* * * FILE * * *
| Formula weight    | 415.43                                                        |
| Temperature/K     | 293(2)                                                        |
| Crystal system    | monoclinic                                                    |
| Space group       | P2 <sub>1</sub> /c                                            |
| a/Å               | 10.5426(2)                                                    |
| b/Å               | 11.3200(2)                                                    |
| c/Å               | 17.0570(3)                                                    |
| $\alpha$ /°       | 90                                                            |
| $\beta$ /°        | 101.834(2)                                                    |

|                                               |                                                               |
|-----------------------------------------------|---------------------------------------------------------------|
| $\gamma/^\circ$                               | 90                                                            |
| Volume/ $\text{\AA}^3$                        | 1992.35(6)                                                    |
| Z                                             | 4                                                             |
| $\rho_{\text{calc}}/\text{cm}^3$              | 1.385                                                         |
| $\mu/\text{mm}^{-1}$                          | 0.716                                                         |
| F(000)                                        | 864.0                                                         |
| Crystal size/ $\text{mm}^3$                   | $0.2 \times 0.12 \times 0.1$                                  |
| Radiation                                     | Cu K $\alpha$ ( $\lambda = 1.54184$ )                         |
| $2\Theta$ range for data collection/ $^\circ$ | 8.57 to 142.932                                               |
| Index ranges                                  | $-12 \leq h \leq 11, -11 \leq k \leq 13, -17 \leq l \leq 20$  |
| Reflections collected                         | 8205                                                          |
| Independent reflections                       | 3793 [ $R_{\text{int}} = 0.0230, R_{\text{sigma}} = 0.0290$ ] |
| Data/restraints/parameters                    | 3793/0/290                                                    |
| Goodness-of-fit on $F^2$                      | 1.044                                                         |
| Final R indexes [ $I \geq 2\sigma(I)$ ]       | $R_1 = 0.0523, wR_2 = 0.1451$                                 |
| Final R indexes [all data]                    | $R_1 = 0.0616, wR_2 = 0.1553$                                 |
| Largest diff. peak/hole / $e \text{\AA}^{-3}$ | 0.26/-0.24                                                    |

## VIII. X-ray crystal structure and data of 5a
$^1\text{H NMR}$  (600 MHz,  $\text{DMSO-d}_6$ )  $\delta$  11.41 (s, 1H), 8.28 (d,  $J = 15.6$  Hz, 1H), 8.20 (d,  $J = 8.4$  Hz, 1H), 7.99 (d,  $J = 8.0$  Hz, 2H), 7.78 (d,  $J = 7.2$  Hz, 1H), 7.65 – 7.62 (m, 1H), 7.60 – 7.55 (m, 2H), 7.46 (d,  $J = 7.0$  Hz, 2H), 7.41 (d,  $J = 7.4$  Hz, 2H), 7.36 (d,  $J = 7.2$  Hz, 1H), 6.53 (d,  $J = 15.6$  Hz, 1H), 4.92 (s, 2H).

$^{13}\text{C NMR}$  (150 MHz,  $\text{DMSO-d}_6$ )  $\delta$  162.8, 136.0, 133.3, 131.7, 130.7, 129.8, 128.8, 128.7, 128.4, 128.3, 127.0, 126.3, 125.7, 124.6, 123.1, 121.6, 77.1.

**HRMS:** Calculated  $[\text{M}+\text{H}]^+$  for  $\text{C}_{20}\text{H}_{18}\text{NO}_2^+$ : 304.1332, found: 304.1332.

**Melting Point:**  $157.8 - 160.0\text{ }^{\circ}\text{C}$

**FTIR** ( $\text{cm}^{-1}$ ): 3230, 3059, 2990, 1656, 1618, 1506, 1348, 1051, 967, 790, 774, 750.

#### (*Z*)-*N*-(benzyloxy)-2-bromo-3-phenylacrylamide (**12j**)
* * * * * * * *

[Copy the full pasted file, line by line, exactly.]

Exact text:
| Formula weight    | 415.43                                                        |
| Temperature/K     | 293(2)                                                        |
| Crystal system    | monoclinic                                                    |
| Space group       | P2 <sub>1</sub> /c                                            |
| a/Å               | 10.5426(2)                                                    |
| b/Å               | 11.3200(2)                                                    |
| c/Å               | 17.0570(3)                                                    |
| $\alpha$ /°       | 90                                                            |
| $\beta$ /°        | 101.834(2)                                                    |

|                                               |                                                               |
|-----------------------------------------------|---------------------------------------------------------------|
| $\gamma/^\circ$                               | 90                                                            |
| Volume/ $\text{\AA}^3$                        | 1992.35(6)                                                    |
| Z                                             | 4                                                             |
| $\rho_{\text{calc}}/\text{cm}^3$              | 1.385                                                         |
| $\mu/\text{mm}^{-1}$                          | 0.716                                                         |
| F(000)                                        | 864.0                                                         |
| Crystal size/ $\text{mm}^3$                   | $0.2 \times 0.12 \times 0.1$                                  |
| Radiation                                     | Cu K $\alpha$ ( $\lambda = 1.54184$ )                         |
| $2\Theta$ range for data collection/ $^\circ$ | 8.57 to 142.932                                               |
| Index ranges                                  | $-12 \leq h \leq 11, -11 \leq k \leq 13, -17 \leq l \leq 20$  |
| Reflections collected                         | 8205                                                          |
| Independent reflections                       | 3793 [ $R_{\text{int}} = 0.0230, R_{\text{sigma}} = 0.0290$ ] |
| Data/restraints/parameters                    | 3793/0/290                                                    |
| Goodness-of-fit on $F^2$                      | 1.044                                                         |
| Final R indexes [ $I \geq 2\sigma(I)$ ]       | $R_1 = 0.0523, wR_2 = 0.1451$                                 |
| Final R indexes [all data]                    | $R_1 = 0.0616, wR_2 = 0.1553$                                 |
| Largest diff. peak/hole / $e \text{\AA}^{-3}$ | 0.26/-0.24                                                    |

## VIII. X-ray crystal structure and data of 5a
$^1\text{H NMR}$  (600 MHz,  $\text{DMSO-d}_6$ )  $\delta$  11.41 (s, 1H), 8.28 (d,  $J = 15.6$  Hz, 1H), 8.20 (d,  $J = 8.4$  Hz, 1H), 7.99 (d,  $J = 8.0$  Hz, 2H), 7.78 (d,  $J = 7.2$  Hz, 1H), 7.65 – 7.62 (m, 1H), 7.60 – 7.55 (m, 2H), 7.46 (d,  $J = 7.0$  Hz, 2H), 7.41 (d,  $J = 7.4$  Hz, 2H), 7.36 (d,  $J = 7.2$  Hz, 1H), 6.53 (d,  $J = 15.6$  Hz, 1H), 4.92 (s, 2H).

$^{13}\text{C NMR}$  (150 MHz,  $\text{DMSO-d}_6$ )  $\delta$  162.8, 136.0, 133.3, 131.7, 130.7, 129.8, 128.8, 128.7, 128.4, 128.3, 127.0, 126.3, 125.7, 124.6, 123.1, 121.6, 77.1.

**HRMS:** Calculated  $[\text{M}+\text{H}]^+$  for  $\text{C}_{20}\text{H}_{18}\text{NO}_2^+$ : 304.1332, found: 304.1332.

**Melting Point:**  $157.8 - 160.0\text{ }^{\circ}\text{C}$

**FTIR** ( $\text{cm}^{-1}$ ): 3230, 3059, 2990, 1656, 1618, 1506, 1348, 1051, 967, 790, 774, 750.

#### (*Z*)-*N*-(benzyloxy)-2-bromo-3-phenylacrylamide (**12j**)